Jane Williams, Associate Director of Planned Care
For many clinicians, the calling to work in healthcare seems to come at an early age. For Jane Williams it was as young as four years old, inspired in part by her aunt, Helen Feeney, a Director of Nursing and Midwifery (pictured alongside Jane in her smart red dress and hat).
“I followed in a long tradition of nurses and midwives within in my family,” explains Jane. “Nursing is a profession that has given me educational, clinical, managerial, legal and strategic roles which still fills me with joy.
“I began my NHS career in 1986 and trained as a student nurse in Chester. I worked in renal medicine in Manchester as a sister on a haemodialysis unit, then I moved into district nursing following my degree and went to Bracknell managing community teams. I studied for a Master’s degree and a law diploma and worked in an acute hospital managing discharge, capacity and complex case review. I have been with Guildford and Waverley Clinical Commissioning Group for the past four years and am now the Associate Director of Planned Care across the three Surrey Heartlands CCGs.”
The founding principle of the NHS was to make healthcare available to all based on need rather than the ability to pay, from the cradle to the grave. Most frontline staff will have been exposed to matters of life and death at some point in their career and Jane is no exception. However, her experiences have straddled both her professional and personal life.
“I have seen the NHS and all emergency services working with commitment and professionalism each and every day, but the days that stand out are marked by small gestures. I was on call for the 7 July bombing in London and worked with the remarkable urgent response teams who did so much together, achieving multi-agency communication to help locate injured loved ones. On another level I have witnessed patients dying peacefully at home, surrounded by family, playing my part in ensuring that their last moments were as peaceful and pain free as possible.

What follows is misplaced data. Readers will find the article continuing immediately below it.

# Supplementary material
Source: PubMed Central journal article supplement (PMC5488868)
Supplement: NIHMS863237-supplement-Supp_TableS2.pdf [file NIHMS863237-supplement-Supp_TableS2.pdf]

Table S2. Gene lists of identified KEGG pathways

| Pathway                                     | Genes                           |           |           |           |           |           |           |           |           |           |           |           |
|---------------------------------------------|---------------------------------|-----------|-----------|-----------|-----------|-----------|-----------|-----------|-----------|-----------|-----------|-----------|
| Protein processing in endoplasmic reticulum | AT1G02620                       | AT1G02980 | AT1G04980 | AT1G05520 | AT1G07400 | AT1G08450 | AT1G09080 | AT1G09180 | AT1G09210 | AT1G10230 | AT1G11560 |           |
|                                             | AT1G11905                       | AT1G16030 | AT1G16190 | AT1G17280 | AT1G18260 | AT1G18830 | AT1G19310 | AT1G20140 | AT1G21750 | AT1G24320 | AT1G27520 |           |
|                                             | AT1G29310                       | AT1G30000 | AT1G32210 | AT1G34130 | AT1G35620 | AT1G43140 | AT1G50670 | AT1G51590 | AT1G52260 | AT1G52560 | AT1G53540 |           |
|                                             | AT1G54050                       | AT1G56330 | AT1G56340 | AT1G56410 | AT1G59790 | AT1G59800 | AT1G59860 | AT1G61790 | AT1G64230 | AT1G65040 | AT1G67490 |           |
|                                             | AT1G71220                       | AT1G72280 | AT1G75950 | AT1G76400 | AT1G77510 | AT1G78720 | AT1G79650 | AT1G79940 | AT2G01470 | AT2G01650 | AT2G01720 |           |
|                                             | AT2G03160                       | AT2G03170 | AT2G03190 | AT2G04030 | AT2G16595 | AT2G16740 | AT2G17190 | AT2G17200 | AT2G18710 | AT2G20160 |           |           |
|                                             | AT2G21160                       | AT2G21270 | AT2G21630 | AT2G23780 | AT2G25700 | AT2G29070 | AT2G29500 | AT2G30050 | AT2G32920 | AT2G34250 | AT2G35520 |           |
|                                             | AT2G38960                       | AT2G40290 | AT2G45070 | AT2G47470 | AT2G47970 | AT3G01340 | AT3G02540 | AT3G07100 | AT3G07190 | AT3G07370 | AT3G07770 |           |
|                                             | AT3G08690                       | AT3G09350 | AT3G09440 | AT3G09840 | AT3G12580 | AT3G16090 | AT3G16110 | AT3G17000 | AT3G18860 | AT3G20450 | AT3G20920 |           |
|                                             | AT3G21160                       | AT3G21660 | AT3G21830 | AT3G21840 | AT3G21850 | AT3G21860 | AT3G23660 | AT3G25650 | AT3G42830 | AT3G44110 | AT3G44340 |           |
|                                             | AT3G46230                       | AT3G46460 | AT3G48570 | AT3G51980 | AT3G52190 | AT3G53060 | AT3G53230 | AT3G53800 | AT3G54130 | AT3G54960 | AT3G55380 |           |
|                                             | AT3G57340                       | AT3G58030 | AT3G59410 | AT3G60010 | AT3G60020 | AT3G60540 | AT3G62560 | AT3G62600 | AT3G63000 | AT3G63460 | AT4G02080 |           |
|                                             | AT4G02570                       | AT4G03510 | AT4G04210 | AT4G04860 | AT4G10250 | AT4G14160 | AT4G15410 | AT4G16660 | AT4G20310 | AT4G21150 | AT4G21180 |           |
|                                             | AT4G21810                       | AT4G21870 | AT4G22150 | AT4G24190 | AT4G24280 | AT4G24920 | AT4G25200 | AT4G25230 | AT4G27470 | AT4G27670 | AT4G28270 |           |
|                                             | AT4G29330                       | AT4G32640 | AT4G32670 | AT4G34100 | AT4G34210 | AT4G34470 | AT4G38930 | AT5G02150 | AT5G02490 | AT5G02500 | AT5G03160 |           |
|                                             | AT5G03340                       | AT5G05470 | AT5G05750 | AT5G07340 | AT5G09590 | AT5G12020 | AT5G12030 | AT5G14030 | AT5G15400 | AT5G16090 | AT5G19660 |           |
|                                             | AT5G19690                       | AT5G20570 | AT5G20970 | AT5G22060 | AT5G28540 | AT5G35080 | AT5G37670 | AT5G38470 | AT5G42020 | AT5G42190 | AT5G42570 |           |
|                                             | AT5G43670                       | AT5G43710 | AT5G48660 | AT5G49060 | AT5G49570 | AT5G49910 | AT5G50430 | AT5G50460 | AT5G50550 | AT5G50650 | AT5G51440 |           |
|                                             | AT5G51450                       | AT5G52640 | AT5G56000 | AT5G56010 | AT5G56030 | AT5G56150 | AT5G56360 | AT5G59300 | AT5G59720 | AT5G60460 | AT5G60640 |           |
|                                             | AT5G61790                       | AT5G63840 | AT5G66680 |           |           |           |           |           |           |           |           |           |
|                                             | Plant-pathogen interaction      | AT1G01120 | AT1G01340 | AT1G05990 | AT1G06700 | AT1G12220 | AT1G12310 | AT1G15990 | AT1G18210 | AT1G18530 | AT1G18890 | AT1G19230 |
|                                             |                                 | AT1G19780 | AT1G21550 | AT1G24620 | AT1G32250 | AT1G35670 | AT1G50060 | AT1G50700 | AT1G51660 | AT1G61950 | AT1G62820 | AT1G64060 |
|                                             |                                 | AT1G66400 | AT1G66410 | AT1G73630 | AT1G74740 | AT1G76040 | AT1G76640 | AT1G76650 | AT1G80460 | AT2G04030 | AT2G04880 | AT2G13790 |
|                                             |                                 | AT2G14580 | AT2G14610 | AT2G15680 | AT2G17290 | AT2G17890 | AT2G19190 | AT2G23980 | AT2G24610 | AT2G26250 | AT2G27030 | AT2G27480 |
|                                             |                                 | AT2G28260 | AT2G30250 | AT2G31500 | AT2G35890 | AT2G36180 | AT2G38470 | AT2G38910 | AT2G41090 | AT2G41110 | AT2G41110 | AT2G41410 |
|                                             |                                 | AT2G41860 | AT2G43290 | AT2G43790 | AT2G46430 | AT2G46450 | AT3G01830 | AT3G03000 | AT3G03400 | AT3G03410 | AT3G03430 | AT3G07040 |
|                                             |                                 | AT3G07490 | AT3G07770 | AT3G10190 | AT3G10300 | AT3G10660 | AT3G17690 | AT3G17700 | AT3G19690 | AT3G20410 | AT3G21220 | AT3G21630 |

“My biggest challenge was being on the other side, receiving care after being diagnosed with breast cancer in 2017. I had a mastectomy and four months of chemotherapy and that taught me more about the NHS and what services mean to patients than anything else.
“It also taught me that I love working; I found great enjoyment and support in working flexibly throughout my chemotherapy and could maintain my fitness and sense of normality. It was the small gestures that matter: the phone call from my Director at 10pm after I was diagnosed at 8pm, the texts from a colleague who never forgot a single chemo session, and the kindness of my team who celebrated with cake and fizz on the day I completed treatment. It also taught me that the patient is the most under-used resource in the NHS and should be included in every step of service transformation.”